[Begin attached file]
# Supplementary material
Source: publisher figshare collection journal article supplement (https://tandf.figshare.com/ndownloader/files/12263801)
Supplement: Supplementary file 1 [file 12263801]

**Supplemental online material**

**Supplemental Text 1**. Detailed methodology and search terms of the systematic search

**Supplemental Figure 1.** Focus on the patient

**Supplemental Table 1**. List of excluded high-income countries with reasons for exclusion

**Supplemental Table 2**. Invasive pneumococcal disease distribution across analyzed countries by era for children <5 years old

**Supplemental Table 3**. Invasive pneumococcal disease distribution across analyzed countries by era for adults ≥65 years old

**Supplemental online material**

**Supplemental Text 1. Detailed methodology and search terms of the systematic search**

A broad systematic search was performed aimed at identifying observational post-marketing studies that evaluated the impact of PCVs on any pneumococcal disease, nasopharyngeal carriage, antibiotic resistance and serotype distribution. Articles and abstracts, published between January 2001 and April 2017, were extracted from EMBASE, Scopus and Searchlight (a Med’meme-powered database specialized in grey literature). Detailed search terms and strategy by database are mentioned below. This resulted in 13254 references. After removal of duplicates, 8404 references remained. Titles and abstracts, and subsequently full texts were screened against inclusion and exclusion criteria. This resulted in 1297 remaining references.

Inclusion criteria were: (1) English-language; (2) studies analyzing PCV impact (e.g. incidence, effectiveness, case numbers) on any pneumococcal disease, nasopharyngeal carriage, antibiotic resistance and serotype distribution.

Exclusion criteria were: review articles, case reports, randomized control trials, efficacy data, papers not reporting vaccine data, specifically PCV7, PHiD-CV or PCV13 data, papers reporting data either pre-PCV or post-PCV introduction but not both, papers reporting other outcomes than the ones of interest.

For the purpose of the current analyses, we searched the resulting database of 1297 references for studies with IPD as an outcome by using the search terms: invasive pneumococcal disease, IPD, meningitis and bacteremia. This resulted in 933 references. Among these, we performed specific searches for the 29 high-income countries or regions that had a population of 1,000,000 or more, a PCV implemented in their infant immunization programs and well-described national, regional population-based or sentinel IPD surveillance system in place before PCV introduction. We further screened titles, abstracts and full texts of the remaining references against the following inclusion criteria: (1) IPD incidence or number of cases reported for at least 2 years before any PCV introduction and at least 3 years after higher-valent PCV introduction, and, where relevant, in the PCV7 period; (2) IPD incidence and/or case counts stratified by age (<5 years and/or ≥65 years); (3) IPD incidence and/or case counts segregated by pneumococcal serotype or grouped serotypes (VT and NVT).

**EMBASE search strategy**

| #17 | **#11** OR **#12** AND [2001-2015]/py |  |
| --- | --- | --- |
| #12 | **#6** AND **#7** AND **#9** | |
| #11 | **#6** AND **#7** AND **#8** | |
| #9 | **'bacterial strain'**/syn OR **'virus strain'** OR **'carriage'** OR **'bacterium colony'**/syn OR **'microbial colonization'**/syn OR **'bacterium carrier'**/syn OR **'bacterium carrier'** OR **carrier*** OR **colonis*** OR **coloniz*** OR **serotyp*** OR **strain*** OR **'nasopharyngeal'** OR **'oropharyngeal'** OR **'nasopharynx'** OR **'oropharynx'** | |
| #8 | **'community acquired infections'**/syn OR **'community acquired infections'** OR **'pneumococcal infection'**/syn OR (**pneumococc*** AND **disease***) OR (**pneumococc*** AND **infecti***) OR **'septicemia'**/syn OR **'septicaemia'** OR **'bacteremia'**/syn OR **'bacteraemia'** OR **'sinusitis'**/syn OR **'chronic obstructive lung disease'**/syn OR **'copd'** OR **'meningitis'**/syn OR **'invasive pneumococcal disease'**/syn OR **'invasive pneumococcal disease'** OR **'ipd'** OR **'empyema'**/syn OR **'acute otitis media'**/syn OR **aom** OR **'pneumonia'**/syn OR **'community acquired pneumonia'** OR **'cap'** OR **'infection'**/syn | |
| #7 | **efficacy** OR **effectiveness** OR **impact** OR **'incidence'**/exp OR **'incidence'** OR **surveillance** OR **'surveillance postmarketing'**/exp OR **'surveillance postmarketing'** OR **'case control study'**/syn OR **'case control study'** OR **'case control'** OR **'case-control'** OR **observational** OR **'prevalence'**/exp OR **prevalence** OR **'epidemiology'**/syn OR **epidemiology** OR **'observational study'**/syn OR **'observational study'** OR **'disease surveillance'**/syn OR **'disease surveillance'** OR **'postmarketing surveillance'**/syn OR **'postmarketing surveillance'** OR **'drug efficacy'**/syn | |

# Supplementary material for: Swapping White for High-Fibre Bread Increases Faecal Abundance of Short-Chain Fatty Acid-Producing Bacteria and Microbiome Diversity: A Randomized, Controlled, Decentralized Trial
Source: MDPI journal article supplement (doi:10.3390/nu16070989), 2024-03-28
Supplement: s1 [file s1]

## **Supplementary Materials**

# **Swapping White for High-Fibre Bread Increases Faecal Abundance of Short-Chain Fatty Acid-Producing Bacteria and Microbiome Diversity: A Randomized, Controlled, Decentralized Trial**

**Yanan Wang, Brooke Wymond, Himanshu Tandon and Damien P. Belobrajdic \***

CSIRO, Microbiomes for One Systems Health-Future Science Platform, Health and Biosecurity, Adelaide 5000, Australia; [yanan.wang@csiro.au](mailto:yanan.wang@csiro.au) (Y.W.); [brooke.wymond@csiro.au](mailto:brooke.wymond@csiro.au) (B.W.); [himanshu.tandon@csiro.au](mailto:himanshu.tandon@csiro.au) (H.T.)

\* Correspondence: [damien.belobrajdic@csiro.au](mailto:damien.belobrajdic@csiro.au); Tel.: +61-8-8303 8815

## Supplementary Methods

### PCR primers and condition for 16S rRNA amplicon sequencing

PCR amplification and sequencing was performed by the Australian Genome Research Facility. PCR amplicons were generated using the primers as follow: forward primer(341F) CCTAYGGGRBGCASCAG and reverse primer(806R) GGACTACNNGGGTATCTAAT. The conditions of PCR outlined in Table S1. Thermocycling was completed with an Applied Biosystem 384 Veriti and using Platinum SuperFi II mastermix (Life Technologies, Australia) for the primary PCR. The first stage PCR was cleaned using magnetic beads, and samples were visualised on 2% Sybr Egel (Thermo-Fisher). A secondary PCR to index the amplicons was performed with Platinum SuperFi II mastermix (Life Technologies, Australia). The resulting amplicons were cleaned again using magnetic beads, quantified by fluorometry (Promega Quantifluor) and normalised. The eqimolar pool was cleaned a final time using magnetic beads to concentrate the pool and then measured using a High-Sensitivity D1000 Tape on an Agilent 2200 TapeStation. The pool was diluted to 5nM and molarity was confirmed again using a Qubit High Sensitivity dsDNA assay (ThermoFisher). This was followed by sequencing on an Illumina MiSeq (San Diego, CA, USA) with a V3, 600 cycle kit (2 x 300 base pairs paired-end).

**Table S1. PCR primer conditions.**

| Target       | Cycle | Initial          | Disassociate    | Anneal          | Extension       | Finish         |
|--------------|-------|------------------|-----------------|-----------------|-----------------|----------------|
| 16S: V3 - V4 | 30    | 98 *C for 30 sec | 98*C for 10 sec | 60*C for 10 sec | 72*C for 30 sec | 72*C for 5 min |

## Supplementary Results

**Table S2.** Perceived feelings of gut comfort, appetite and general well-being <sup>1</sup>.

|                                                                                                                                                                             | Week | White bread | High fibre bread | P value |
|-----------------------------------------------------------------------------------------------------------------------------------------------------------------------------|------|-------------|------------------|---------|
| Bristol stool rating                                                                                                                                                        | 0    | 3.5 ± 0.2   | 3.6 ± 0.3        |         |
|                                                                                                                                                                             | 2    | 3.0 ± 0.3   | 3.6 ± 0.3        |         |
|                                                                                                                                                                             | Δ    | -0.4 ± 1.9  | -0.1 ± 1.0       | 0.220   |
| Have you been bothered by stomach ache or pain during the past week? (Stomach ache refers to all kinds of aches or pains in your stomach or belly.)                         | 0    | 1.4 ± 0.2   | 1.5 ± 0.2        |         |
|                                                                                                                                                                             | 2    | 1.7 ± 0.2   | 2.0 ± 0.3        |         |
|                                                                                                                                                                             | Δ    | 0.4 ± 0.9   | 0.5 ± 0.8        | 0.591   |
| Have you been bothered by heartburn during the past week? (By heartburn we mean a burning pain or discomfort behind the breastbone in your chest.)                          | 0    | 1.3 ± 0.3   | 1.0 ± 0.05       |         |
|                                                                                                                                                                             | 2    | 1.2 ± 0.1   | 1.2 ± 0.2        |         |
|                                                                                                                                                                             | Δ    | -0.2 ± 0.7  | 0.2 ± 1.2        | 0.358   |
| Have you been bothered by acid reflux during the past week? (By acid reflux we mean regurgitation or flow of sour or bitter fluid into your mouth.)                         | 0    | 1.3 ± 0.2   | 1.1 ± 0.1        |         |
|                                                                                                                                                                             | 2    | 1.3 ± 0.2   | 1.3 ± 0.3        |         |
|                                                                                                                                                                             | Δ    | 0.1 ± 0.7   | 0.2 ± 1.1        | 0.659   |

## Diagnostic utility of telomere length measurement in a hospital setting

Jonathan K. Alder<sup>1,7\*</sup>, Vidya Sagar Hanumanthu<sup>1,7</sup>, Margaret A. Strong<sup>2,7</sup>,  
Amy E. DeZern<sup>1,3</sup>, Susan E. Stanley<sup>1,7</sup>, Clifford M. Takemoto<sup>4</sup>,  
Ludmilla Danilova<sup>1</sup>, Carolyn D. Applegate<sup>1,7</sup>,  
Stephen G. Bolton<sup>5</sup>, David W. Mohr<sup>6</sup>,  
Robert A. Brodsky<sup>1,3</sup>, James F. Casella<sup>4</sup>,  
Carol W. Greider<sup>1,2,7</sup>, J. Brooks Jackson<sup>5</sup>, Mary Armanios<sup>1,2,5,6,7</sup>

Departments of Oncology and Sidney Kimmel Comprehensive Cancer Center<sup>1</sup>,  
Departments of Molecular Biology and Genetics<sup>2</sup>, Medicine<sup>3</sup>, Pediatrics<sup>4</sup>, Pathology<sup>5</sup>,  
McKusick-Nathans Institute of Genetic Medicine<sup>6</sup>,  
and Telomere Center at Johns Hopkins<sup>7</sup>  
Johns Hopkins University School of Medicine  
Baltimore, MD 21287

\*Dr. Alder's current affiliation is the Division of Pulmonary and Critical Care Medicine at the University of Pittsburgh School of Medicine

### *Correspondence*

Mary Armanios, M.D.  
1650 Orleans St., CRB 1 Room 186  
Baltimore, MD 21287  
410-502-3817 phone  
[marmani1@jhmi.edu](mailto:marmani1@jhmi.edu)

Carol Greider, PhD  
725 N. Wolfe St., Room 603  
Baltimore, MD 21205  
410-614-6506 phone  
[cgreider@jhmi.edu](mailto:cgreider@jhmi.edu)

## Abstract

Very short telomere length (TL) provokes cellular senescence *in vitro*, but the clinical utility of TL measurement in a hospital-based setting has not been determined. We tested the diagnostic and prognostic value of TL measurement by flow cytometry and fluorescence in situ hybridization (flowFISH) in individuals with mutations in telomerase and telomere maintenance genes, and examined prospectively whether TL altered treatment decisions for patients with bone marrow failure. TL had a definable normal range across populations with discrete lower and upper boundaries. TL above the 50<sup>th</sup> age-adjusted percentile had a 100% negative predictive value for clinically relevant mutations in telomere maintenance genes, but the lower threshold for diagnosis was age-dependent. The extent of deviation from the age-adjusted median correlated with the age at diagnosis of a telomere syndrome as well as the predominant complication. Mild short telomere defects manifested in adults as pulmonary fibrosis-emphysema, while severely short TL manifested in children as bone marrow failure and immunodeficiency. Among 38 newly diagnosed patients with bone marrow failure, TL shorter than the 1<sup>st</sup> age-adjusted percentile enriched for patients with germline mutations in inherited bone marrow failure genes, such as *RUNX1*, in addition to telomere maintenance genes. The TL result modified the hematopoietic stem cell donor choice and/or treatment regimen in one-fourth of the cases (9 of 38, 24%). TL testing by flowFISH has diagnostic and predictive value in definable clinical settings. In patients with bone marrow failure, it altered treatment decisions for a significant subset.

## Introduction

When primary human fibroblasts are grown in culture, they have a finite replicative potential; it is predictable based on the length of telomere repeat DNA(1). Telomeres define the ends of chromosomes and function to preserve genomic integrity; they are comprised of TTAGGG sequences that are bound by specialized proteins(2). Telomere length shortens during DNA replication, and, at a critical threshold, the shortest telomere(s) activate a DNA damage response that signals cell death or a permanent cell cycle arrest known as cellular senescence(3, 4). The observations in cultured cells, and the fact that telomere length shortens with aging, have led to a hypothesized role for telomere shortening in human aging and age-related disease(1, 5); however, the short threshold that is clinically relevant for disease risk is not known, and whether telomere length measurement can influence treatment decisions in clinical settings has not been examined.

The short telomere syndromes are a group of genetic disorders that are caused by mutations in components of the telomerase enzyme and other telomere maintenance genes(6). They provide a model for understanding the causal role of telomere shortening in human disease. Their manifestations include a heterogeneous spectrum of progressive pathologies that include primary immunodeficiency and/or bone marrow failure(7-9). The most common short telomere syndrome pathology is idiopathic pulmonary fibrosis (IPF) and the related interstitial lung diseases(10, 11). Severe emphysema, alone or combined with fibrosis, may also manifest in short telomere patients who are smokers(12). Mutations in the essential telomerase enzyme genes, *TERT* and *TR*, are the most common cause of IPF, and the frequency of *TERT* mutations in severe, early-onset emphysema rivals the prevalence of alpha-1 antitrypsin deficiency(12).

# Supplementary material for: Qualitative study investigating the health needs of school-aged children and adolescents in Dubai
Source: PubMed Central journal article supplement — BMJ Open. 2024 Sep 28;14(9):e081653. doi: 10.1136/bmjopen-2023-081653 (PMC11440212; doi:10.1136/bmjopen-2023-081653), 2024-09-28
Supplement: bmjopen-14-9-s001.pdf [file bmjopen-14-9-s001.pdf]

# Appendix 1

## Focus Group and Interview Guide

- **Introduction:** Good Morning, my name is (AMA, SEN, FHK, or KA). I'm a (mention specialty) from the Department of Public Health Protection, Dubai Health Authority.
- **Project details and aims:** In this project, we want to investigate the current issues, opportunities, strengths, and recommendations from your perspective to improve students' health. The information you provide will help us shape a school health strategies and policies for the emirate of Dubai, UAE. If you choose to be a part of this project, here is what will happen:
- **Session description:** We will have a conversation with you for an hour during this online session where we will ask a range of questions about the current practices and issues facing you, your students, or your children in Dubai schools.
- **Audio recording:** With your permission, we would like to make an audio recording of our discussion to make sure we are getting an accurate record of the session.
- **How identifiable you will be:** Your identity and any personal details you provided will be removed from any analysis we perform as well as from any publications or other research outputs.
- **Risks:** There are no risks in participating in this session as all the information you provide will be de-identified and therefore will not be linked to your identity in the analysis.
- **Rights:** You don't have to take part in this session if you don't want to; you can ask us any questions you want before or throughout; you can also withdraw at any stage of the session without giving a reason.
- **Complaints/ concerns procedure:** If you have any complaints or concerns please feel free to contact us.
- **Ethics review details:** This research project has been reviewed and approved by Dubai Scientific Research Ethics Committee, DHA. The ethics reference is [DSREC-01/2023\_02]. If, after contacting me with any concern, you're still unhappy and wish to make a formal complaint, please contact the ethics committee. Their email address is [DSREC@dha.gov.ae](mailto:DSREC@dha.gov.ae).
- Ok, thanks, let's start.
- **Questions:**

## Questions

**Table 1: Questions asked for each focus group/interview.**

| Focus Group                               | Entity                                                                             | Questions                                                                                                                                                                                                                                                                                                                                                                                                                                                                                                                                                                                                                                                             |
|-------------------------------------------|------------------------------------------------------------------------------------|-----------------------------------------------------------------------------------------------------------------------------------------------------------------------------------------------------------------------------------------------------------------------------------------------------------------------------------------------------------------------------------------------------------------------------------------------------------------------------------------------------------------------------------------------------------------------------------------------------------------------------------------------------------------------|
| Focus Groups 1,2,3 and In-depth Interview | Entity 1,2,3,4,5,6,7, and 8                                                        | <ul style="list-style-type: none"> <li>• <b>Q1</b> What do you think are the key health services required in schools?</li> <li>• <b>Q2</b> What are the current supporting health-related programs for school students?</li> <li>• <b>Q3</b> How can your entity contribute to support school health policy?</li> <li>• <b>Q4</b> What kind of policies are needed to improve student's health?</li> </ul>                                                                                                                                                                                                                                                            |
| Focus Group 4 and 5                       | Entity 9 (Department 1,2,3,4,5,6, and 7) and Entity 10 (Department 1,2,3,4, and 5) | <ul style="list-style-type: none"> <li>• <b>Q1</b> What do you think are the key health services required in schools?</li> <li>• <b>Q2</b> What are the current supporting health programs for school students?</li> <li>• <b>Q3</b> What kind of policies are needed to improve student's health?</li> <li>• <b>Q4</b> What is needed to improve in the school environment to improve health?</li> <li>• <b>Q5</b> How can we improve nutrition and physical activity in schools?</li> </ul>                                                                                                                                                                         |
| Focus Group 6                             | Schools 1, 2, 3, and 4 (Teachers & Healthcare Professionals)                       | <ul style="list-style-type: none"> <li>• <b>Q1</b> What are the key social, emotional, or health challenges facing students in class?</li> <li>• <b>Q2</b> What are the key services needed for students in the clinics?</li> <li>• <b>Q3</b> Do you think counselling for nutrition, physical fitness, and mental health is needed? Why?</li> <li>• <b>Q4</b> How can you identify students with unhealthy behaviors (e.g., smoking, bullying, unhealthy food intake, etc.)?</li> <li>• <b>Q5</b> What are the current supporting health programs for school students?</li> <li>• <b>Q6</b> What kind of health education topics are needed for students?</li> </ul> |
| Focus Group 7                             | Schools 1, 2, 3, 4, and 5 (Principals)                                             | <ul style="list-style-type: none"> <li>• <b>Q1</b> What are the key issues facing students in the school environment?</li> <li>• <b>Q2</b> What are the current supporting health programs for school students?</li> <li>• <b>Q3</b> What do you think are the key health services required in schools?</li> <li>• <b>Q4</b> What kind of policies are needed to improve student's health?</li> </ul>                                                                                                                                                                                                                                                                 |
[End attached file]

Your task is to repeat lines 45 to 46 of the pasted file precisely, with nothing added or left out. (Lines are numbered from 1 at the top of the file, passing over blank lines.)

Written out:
|                                                                                                                                                                             | Δ    | -0.4 ± 1.9  | -0.1 ± 1.0       | 0.220   |
| Have you been bothered by stomach ache or pain during the past week? (Stomach ache refers to all kinds of aches or pains in your stomach or belly.)                         | 0    | 1.4 ± 0.2   | 1.5 ± 0.2        |         |